A Quiet Kind of Thunder | Sara Barnard

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‘Love isn’t always a lightning strike. Sometimes it’s the rumbling roll of thunder…’

Sara Barnard has been writing since a young age and loves everything to do with books and people who love books. Her dad made sure she had plenty to read and introduced her to second-hand bookshops. Barnard’s first novel, Beautiful Broken Things, proved very popular and so far, A Quiet Kind of Thunder is proving the same.

I cannot remember the first time I actually heard about this book. I had heard of Beautiful Broken Things from YouTuber, Zoella, and had seen it many times since creating my Instagram account for my blog. I remember seeing that a book-group called The Banging Book Club (made up of Lucy Moon, Hannah Witton and Leena Norms) were due to be reading A Quiet Kind of Thunder in 2017, but I may have heard of the book before then. Either way, I read the description on Goodreads and was immediately keen to read it. I would like to add now that there are a lot of YA books on my to be read pile and I love them, there are so many great ones out there right now and I would highly advocate trying some.

The basic plot of this novel is like many YA reads. It centres around Steffi who has just started 6th form whilst her best friend, Tem, has gone to college. On the first day, Steffi is introduced to Rhys and during the novel their relationship develops into a romance, as you might expect. The characters in the novel are dealing with many things that young people nowadays cope with: school, friendships, family, relationships etc. I think it is so great that YA novels address these things because it is a great way to support young people and demonstrate what it is that they go through and potential ways to deal with it. However, the twist with this novel is that Steffi suffers from anxiety and Rhys is deaf. A lot of young people today have something extra like this to cope with so it is a great choice by Barnard to address these issues and give young people the chance to think about them and what it is like to live with something like this.

The novel is narrated in the first person by Steffi. As she is the central character this makes the most sense. Additionally, as she suffers from anxiety I think that being able to hear her thoughts and the events from her perspective gives the reader more of an insight into the mind of someone with anxiety.

‘But my name is Steffi Brons and I don’t speak, let alone yell.’

When we first meet Steffi as she begins 6th form, her diagnoses have already begun to change from what they first were when she was a child. Her original diagnosis was Selective mutism, Anxiety disorder and Situational anxiety. When we meet her this has become Generalised anxiety disorder, Social anxiety, Panic disorder and Glossophobia (fear of public speaking). She has decided to set herself a goal of improving her anxiety over her first year in 6th form because she wants to show her parents (who are divorced and have both re-married) that she is capable of going to university. Until this point, at school Steffi has relied on her Tem, but now she is alone and needs to cope by herself. I believe that a good character should always learn and progress throughout a novel and I think Steffi does that. I like that Barnard keeps the novel on more of a real level and it is not like something happens and miraculously Steffi no longer has anxiety. Young people want a book that remains positive but is not unrealistic and I think this novel fulfils that.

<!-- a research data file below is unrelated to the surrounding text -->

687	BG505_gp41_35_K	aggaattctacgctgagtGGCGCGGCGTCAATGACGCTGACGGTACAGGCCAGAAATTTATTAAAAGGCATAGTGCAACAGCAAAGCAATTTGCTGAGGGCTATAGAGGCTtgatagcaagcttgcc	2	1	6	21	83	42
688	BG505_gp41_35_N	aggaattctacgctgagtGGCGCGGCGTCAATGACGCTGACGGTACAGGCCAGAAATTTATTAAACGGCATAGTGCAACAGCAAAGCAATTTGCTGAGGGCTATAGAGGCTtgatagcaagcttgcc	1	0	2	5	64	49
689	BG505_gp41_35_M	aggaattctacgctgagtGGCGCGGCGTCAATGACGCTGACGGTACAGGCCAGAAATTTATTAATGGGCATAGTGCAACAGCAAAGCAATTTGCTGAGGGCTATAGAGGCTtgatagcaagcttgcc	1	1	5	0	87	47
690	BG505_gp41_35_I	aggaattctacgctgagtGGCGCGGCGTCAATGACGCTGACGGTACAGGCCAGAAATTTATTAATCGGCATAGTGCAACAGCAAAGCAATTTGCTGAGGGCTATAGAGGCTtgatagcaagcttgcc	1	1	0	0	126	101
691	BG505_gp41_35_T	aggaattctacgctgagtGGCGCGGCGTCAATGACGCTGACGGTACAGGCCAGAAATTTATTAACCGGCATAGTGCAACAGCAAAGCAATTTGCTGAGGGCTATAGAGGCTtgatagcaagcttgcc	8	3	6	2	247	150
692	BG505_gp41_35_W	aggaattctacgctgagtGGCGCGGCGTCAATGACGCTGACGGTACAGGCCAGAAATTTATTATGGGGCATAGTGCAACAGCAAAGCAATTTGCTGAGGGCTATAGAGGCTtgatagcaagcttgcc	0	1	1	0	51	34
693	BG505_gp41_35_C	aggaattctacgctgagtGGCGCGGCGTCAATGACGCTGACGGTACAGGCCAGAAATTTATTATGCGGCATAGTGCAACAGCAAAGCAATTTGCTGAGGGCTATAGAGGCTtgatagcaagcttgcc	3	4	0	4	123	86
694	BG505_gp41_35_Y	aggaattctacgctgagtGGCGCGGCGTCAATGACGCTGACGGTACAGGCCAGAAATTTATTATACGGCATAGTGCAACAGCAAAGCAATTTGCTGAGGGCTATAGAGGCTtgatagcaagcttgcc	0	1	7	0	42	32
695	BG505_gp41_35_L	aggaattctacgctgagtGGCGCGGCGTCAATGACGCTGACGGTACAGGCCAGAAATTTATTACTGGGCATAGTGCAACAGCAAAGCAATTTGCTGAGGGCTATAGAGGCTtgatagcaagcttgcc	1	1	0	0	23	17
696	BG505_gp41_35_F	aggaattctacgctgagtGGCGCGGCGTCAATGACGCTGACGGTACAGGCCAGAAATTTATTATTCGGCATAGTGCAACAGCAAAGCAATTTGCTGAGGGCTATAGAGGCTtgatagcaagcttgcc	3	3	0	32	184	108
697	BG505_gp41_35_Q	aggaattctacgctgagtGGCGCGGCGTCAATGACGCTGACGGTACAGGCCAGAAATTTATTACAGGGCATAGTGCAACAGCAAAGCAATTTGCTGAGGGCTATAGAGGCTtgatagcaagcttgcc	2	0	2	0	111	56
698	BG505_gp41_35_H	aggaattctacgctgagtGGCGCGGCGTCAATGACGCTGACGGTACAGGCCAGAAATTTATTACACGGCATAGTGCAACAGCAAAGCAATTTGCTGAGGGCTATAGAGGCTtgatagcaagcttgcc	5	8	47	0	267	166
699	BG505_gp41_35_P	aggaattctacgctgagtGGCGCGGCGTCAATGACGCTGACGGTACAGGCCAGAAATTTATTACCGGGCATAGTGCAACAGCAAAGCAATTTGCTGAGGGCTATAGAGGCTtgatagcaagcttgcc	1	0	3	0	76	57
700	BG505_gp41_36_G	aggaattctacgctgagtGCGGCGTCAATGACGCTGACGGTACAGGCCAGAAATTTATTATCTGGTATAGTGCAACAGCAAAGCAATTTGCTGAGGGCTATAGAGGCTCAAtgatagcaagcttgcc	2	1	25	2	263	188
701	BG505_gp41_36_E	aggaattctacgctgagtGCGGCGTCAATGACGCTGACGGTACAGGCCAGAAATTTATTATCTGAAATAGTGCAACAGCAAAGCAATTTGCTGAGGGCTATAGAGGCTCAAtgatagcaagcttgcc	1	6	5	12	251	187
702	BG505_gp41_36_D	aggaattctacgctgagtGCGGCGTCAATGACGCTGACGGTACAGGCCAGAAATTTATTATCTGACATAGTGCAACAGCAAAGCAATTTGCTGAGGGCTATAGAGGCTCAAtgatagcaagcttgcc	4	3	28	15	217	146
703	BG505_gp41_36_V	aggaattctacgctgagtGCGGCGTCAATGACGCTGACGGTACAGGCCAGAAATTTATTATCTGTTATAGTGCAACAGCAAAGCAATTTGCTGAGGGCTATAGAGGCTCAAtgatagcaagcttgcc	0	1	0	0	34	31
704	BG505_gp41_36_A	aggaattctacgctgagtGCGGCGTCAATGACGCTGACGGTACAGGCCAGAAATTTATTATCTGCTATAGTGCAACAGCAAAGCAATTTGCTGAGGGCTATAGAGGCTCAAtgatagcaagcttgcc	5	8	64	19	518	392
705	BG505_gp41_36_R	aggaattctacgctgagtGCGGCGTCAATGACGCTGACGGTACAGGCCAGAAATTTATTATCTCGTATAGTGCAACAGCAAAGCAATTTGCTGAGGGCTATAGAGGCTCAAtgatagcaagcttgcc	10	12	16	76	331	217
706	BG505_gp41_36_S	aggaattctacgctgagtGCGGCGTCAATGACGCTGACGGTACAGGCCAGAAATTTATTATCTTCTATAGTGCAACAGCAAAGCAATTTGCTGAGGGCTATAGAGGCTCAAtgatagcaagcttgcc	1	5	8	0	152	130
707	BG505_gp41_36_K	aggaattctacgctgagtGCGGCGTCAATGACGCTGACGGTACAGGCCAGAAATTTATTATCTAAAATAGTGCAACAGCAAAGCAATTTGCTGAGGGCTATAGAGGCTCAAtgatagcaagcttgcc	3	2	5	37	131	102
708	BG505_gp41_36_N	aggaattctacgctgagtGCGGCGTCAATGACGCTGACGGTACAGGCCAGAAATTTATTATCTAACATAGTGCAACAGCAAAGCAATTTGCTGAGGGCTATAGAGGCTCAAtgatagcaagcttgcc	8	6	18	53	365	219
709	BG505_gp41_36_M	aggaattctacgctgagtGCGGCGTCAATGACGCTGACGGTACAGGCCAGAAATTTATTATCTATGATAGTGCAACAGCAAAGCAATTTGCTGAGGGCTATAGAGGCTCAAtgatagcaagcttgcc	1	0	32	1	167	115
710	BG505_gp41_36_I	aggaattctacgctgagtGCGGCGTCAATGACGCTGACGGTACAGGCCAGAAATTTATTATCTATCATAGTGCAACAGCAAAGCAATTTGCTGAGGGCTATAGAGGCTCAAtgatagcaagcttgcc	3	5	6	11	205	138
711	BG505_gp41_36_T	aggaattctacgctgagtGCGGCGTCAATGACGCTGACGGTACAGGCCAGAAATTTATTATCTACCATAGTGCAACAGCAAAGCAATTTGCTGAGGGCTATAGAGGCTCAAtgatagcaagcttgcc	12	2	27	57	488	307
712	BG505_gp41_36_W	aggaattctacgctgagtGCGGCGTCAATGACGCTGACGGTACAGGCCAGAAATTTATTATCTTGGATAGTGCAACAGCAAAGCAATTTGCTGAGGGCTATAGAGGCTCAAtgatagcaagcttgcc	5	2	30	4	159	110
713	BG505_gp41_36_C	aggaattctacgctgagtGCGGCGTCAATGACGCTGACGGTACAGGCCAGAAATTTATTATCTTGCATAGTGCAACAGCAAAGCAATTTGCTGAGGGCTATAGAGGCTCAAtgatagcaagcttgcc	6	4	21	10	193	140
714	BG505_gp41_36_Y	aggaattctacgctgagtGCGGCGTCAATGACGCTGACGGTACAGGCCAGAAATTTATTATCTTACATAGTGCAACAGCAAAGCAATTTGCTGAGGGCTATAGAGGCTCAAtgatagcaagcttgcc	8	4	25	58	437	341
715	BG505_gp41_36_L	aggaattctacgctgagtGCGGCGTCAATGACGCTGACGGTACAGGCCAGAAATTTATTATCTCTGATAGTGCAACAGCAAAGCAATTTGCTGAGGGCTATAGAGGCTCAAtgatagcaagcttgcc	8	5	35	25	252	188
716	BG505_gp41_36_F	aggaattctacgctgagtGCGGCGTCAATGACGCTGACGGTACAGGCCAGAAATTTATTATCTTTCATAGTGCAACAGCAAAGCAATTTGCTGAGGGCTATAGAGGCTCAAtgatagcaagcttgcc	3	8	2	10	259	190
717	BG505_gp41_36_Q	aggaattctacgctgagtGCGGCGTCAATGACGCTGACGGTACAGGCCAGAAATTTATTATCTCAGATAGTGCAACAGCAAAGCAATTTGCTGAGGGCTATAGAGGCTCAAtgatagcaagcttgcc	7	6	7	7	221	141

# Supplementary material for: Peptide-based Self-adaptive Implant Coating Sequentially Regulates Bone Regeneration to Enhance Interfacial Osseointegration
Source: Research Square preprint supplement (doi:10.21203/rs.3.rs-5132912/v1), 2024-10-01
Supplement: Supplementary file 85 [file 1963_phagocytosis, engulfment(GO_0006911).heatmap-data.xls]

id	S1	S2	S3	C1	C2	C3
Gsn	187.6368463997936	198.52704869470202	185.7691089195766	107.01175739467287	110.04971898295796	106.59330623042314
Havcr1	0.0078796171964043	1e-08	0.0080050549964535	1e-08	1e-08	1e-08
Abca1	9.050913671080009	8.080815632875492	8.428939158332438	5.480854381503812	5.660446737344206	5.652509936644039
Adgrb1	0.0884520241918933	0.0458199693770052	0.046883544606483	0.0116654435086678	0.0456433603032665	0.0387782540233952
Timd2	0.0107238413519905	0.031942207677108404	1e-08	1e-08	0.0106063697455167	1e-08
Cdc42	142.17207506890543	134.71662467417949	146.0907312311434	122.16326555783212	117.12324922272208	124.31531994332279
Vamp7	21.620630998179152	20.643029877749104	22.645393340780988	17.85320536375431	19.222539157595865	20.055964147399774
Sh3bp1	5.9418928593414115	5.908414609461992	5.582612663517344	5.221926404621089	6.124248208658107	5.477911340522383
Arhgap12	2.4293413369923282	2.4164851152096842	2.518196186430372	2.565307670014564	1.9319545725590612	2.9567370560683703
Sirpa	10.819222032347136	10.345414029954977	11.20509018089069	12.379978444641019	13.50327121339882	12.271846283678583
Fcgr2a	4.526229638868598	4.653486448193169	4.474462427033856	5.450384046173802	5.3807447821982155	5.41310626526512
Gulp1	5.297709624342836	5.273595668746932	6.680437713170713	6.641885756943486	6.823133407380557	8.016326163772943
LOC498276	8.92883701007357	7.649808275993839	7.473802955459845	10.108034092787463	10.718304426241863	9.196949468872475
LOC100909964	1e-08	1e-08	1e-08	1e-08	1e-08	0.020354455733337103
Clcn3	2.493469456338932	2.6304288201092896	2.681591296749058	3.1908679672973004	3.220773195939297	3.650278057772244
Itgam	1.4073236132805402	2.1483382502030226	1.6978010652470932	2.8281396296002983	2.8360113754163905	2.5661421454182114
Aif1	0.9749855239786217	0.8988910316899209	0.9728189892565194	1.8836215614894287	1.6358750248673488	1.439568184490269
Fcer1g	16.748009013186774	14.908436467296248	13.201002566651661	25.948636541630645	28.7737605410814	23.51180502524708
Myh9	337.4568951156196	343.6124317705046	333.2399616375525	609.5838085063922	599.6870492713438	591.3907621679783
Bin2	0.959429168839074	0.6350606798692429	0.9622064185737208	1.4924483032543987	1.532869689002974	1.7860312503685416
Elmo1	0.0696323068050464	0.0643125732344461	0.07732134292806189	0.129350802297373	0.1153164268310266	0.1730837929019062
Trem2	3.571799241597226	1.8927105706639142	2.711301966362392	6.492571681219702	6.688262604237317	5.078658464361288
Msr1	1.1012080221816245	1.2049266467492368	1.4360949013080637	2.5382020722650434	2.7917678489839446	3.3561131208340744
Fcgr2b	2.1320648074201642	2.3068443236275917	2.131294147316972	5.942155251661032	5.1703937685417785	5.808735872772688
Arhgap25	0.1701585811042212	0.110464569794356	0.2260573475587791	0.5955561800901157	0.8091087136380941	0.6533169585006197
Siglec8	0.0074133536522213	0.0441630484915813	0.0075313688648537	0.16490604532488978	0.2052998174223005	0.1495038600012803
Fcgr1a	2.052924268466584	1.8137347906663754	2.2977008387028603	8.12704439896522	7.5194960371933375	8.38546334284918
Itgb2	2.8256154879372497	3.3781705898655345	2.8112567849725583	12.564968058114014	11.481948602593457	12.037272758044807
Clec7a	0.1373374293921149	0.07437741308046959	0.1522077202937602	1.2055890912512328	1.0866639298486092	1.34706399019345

‘Extroverts can be shy, introverts can be bold, and a condition like anxiety can strike whatever kind of social animal you are.’

I want to talk here a little about anxiety because it is a big part of the book and it is something that I already knew a lot about before reading this book. Above I listed Steffi’s diagnoses which sound pretty scary and like quite a lot of conditions, but it is actually very common to suffer with more than one form of anxiety, partly because you may only fit into a small portion of each category. No two people with anxiety will have had exactly the same experiences or suffer in the same ways and it is important to remember that anxiety can manifest differently in different people. Steffi is an example of some of the things that could affect someone with anxiety and I think that Barnard portrays anxiety really well overall. It is also important to recognise that anxiety can be a good thing, it is something that we need when we are in real danger, it is just that some people become overly anxious about things that they should not be so anxious about today.

The character of Rhys really interested me. I have always been aware of being unable to hear, of course, but I had not necessarily put a lot of thought into how someone who is deaf would navigate daily life. Rhys can speak using BSL (British Sign Language), he can lip-read, and he can actually speak. Naturally BSL is easier for him and he says he has to concentrate hard to read lips but obviously not everyone can speak BSL so he has to be able to communicate with them. Rhys also has friends who are deaf and he talks about the differences for him between being with his friends in the ‘deaf world’ and with everyone else in the ‘speaking world’. He does not want to become isolated and moving from his previous school where a lot of people have different difficulties to the 6th form where Steffi is means that he is learning more about how to navigate the ‘speaking world’. Through Rhys I learned a lot about people who are deaf and what they are perfectly capable of. I should also explain here that Barnard uses bold type to demonstrate that someone is speaking in BSL.